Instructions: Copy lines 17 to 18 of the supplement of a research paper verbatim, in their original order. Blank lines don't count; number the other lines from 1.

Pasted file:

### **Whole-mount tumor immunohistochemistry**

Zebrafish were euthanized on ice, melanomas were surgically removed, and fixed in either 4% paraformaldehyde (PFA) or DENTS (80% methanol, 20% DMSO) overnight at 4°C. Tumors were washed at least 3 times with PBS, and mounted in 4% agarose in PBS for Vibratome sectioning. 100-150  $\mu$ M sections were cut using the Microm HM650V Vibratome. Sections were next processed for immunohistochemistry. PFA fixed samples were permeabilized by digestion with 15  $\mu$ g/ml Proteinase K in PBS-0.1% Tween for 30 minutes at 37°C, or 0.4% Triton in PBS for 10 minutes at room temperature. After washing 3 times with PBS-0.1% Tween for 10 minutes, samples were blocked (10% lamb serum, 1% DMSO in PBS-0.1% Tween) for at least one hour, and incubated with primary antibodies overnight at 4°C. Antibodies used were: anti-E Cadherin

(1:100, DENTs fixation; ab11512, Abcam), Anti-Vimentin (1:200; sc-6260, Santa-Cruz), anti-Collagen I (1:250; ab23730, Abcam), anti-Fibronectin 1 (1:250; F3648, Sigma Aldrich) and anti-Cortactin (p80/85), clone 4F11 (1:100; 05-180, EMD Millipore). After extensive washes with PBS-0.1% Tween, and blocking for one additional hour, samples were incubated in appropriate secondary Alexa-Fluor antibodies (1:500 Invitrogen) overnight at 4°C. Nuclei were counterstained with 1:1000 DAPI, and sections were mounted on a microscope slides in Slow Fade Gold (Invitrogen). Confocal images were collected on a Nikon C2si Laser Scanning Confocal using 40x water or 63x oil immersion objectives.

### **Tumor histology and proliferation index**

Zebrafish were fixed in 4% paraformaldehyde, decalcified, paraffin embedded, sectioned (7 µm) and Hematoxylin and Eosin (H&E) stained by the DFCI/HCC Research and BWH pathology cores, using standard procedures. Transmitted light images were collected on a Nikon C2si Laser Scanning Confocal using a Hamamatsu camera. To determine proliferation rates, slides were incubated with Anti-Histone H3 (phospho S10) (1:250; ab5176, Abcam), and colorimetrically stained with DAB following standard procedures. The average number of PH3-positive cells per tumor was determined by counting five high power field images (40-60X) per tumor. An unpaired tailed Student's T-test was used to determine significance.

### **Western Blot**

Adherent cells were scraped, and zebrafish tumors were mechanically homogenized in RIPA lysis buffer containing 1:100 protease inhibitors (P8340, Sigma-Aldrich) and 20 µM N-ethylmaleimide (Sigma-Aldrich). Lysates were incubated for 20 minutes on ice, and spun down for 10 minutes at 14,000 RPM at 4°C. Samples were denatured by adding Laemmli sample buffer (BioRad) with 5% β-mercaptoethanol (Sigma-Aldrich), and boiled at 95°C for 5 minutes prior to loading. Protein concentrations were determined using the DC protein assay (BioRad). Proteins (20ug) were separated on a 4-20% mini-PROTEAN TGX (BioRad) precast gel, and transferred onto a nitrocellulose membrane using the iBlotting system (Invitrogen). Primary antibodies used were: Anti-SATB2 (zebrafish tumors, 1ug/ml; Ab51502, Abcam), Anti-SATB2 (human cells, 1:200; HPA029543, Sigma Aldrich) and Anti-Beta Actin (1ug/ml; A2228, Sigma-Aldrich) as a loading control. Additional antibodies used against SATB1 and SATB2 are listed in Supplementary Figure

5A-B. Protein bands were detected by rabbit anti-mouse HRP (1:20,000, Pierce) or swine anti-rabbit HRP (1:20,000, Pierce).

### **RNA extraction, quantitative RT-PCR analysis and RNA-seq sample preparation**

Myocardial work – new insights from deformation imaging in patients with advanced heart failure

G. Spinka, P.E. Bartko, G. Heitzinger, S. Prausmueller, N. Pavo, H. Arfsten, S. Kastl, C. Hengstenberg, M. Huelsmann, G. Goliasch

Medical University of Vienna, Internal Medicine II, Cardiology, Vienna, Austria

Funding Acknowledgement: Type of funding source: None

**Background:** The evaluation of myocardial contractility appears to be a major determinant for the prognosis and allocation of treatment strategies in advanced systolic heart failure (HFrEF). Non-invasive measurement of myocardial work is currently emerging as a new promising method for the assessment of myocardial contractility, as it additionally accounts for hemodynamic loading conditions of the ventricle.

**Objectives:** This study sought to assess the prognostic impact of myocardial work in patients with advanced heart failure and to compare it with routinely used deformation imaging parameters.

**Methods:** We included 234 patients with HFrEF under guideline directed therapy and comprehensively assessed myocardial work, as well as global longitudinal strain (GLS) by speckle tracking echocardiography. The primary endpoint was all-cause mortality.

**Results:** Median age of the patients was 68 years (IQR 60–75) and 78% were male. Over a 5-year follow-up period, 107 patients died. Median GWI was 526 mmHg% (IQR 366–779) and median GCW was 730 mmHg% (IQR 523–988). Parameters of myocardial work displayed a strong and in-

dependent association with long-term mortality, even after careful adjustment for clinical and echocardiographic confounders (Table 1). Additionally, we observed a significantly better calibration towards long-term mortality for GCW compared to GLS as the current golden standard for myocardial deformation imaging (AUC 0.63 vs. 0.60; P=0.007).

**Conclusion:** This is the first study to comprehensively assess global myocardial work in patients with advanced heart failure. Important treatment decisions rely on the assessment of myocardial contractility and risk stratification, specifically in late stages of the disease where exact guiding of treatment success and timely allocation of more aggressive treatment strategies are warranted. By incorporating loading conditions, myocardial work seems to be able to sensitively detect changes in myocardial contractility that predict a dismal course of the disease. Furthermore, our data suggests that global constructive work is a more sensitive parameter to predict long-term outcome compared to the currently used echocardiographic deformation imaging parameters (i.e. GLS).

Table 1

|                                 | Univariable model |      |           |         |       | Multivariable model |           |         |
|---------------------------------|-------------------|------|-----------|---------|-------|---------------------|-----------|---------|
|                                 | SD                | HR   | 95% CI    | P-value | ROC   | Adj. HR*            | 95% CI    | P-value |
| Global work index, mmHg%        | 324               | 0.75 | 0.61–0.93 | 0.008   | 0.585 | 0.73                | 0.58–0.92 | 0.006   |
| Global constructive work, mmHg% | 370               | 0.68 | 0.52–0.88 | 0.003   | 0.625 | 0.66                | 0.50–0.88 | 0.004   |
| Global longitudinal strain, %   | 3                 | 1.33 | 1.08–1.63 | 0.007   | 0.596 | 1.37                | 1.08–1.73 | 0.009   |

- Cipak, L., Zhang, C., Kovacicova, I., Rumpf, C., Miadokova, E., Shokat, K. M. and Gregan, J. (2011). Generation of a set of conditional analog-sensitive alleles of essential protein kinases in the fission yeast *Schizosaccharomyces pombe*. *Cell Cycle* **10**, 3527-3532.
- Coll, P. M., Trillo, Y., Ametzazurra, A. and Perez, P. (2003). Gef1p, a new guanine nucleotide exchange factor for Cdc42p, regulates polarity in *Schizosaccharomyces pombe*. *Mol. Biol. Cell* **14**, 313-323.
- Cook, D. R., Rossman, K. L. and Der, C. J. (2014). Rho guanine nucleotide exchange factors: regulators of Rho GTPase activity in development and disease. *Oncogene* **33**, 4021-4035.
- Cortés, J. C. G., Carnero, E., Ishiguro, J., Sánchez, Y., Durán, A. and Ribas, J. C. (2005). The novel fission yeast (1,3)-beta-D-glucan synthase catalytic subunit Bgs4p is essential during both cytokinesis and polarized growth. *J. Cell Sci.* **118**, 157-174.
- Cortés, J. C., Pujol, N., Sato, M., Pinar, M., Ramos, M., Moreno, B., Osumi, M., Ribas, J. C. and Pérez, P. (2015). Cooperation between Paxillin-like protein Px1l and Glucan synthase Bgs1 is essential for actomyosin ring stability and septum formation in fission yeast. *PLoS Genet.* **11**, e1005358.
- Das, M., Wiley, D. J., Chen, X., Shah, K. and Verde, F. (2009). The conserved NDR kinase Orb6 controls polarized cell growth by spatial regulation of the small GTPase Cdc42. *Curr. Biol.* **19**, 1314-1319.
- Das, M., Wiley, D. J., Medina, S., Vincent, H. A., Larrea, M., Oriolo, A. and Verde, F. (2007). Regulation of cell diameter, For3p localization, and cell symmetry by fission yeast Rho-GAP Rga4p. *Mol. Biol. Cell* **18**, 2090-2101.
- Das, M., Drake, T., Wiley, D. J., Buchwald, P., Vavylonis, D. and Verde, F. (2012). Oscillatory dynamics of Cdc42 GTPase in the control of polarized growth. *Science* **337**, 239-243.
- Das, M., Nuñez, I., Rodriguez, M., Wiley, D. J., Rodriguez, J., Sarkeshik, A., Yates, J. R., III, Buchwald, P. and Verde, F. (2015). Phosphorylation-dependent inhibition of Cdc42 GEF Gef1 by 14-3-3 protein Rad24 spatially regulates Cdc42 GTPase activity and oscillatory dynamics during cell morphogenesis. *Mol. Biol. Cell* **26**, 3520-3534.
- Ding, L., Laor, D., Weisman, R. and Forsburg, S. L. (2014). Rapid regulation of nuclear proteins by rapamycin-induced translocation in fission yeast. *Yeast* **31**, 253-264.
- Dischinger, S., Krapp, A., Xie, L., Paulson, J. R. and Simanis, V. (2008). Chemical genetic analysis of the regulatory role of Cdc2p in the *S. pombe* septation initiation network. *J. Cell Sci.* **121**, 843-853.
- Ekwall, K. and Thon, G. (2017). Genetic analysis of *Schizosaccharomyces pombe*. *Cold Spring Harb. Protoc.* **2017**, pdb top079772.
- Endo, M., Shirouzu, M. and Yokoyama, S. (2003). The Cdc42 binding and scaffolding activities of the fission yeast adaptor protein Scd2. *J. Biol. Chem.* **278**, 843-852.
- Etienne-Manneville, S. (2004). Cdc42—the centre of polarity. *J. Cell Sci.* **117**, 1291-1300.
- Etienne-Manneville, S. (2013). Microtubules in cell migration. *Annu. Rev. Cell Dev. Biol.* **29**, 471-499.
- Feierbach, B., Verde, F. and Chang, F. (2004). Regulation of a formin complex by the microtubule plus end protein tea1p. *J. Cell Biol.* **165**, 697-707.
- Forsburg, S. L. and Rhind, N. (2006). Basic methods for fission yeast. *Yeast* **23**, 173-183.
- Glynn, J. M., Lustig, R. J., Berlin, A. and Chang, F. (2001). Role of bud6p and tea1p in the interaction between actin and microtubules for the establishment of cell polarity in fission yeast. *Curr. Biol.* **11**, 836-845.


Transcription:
**Results:** Median age of the patients was 68 years (IQR 60–75) and 78% were male. Over a 5-year follow-up period, 107 patients died. Median GWI was 526 mmHg% (IQR 366–779) and median GCW was 730 mmHg% (IQR 523–988). Parameters of myocardial work displayed a strong and in-

dependent association with long-term mortality, even after careful adjustment for clinical and echocardiographic confounders (Table 1). Additionally, we observed a significantly better calibration towards long-term mortality for GCW compared to GLS as the current golden standard for myocardial deformation imaging (AUC 0.63 vs. 0.60; P=0.007).